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That is, online dating sites use the conceptual framework of a "marketplace metaphor" to help people find potential matches, with layouts and functionalities that make it easy to quickly browse and select profiles in a manner similar to how one might browse an online store.

Under this metaphor, members of a given service can both "shop" for potential relationship partners and "sell" themselves in hopes of finding a successful match.

The 2016 Pew Research Center's survey reveals that the usage of online dating sites by American adults increased from 9% in 2013, to 12% in 2015.

Further, during this period, the usage among 18- to 24-year-olds tripled, while that among 55- to 65-year-olds doubled.

Some sites are completely free and depend on advertising for revenue.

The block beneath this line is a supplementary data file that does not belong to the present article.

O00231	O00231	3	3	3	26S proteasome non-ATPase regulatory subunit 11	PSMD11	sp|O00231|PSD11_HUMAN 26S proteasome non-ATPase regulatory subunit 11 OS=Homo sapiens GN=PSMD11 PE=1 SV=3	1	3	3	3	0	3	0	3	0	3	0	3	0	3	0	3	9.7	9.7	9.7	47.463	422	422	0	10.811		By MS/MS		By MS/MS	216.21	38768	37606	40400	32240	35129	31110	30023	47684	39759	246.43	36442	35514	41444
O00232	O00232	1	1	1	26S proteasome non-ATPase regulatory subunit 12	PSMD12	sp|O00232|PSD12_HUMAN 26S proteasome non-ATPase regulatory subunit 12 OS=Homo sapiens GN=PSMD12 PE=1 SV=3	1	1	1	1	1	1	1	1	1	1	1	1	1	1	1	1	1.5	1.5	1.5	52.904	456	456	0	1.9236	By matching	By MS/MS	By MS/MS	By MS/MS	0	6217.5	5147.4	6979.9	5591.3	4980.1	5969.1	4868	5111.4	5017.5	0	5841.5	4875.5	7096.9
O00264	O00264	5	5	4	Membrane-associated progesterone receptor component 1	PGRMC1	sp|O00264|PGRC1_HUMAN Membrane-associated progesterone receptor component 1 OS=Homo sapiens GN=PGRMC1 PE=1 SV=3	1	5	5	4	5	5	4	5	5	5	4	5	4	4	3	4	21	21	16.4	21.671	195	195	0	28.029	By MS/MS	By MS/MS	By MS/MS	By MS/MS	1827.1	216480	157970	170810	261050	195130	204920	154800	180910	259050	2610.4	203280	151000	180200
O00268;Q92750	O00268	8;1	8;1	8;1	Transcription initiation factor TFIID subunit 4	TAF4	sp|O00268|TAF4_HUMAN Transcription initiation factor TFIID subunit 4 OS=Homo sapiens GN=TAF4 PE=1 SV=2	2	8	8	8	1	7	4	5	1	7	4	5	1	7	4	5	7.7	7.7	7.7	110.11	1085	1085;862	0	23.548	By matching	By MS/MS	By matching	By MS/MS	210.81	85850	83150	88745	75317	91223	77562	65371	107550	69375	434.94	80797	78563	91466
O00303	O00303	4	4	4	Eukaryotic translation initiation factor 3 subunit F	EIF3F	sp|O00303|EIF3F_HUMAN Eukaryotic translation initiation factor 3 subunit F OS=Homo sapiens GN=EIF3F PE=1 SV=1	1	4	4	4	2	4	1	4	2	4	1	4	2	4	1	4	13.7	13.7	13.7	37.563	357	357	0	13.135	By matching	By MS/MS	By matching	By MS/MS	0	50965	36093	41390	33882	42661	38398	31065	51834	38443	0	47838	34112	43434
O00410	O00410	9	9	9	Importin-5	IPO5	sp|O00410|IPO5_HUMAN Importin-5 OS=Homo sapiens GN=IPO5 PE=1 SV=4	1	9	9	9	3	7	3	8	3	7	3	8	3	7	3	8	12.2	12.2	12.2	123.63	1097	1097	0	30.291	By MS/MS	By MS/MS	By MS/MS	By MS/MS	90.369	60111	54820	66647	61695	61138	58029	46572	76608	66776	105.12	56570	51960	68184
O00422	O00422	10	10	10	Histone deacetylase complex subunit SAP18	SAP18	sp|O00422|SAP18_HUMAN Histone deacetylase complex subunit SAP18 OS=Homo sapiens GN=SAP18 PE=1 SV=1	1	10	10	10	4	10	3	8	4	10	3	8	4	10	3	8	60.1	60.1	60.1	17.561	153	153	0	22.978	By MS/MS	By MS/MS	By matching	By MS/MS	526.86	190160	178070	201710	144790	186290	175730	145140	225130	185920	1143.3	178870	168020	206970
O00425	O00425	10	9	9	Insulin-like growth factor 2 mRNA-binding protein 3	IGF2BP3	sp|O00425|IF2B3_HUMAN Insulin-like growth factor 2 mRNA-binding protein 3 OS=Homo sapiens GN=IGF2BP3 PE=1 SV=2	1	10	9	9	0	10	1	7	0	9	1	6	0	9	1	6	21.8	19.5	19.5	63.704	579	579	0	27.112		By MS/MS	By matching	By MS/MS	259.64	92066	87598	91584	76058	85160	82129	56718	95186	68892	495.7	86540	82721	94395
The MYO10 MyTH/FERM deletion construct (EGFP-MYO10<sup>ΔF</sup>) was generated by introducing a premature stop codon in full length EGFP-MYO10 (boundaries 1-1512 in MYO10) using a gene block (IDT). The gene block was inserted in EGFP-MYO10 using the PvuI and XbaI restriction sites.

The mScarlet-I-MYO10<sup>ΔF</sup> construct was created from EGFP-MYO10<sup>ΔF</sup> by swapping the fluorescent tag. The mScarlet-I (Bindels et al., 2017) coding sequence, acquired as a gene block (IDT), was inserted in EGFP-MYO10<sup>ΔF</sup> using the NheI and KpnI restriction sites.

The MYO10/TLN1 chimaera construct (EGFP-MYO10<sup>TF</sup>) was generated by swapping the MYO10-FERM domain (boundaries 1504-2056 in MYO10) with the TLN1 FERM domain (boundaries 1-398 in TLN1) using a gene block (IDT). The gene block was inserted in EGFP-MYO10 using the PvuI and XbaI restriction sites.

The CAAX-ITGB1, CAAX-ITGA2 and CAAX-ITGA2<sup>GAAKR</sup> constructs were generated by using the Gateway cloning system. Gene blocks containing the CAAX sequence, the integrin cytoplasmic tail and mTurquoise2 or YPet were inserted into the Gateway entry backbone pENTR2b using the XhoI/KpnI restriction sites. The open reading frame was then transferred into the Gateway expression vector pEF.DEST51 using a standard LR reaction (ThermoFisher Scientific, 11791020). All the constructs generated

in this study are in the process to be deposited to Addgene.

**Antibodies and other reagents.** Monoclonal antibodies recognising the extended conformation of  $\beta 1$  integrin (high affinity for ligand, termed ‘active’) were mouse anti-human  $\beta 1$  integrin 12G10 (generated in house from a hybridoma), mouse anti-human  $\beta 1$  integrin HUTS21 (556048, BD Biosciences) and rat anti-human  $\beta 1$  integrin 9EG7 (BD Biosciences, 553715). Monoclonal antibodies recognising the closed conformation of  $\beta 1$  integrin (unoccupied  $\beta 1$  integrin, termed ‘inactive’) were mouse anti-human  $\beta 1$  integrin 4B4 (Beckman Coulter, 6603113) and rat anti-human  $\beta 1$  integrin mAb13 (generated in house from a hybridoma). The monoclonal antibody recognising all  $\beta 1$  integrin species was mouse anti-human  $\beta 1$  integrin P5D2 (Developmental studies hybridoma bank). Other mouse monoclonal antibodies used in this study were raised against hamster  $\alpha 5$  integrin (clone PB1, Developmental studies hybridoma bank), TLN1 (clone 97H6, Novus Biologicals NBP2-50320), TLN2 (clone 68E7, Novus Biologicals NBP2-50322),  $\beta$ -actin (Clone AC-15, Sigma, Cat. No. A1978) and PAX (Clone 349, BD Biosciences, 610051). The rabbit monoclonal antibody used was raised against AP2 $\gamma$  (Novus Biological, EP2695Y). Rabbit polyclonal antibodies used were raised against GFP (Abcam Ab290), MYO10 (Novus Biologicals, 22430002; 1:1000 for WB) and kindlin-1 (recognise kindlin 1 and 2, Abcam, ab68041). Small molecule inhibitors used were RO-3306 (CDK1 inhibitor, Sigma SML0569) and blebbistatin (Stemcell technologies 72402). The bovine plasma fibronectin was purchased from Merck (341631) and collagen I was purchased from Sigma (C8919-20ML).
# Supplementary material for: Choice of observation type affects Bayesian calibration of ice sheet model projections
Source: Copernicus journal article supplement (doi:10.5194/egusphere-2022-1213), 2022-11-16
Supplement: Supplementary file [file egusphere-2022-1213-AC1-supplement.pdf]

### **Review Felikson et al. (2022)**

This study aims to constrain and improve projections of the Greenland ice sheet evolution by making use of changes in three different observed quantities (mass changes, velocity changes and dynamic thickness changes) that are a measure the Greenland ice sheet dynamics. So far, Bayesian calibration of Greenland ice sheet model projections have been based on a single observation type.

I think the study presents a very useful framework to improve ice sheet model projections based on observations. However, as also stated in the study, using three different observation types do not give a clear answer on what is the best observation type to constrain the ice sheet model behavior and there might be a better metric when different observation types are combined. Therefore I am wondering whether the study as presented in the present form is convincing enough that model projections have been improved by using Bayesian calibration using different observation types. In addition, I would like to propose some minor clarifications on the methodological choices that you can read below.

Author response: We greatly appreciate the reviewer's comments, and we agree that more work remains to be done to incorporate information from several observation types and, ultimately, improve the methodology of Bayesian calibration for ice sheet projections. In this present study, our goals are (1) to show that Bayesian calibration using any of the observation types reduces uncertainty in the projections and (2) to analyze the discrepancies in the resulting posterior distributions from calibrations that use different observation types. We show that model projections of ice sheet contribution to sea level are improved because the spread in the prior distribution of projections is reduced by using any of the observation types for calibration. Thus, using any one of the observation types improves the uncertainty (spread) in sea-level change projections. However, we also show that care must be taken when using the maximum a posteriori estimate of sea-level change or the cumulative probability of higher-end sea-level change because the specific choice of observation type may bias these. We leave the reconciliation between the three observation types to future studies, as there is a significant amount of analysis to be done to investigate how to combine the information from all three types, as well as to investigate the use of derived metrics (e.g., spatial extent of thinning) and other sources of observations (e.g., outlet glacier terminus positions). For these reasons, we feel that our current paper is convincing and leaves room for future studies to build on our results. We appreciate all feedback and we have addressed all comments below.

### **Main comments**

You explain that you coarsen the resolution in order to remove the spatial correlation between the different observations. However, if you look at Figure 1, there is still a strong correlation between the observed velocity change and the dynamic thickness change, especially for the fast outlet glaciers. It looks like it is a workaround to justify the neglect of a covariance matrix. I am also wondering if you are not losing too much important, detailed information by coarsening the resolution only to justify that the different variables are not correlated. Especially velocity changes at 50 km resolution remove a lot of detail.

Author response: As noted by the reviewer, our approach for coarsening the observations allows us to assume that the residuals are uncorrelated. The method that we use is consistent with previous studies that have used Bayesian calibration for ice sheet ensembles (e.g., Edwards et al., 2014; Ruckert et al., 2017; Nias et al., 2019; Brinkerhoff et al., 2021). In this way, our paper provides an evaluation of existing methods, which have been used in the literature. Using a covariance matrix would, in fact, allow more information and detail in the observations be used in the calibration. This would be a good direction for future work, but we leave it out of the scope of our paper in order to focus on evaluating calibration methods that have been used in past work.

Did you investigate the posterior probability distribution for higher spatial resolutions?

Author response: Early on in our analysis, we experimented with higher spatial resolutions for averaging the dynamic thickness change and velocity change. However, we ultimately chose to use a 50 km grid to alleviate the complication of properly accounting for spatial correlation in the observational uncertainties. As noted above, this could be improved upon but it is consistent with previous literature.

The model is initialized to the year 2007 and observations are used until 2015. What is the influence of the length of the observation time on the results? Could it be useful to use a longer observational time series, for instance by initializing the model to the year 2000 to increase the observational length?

Others utilize the freemium revenue model, offering free registration and use, with optional, paid, premium services.

A 2005 study of data collected by the Pew Internet & American Life Project found that individuals are more likely to use an online dating service if they use the Internet for a greater number of tasks, and less likely to use such a service if they are trusting of others.

Once a profile has been created, members can view the profiles of other members of the service, using the visible profile information to decide whether or not to initiate contact.

Introduction sites differ from the traditional online dating model, and attracted a large number of users and significant investor interest.

In Eastern Europe, popular sites offer full access to messaging and profiles, but provide additional services for pay, such as prioritizing profile position, removing advertisements, and giving paying users access to a more advanced search engine.

Profiles created by real humans also have the potential to be problematic.

For example, online dating sites may expose more female members in particular to stalking, fraud, and sexual violence by online predators.


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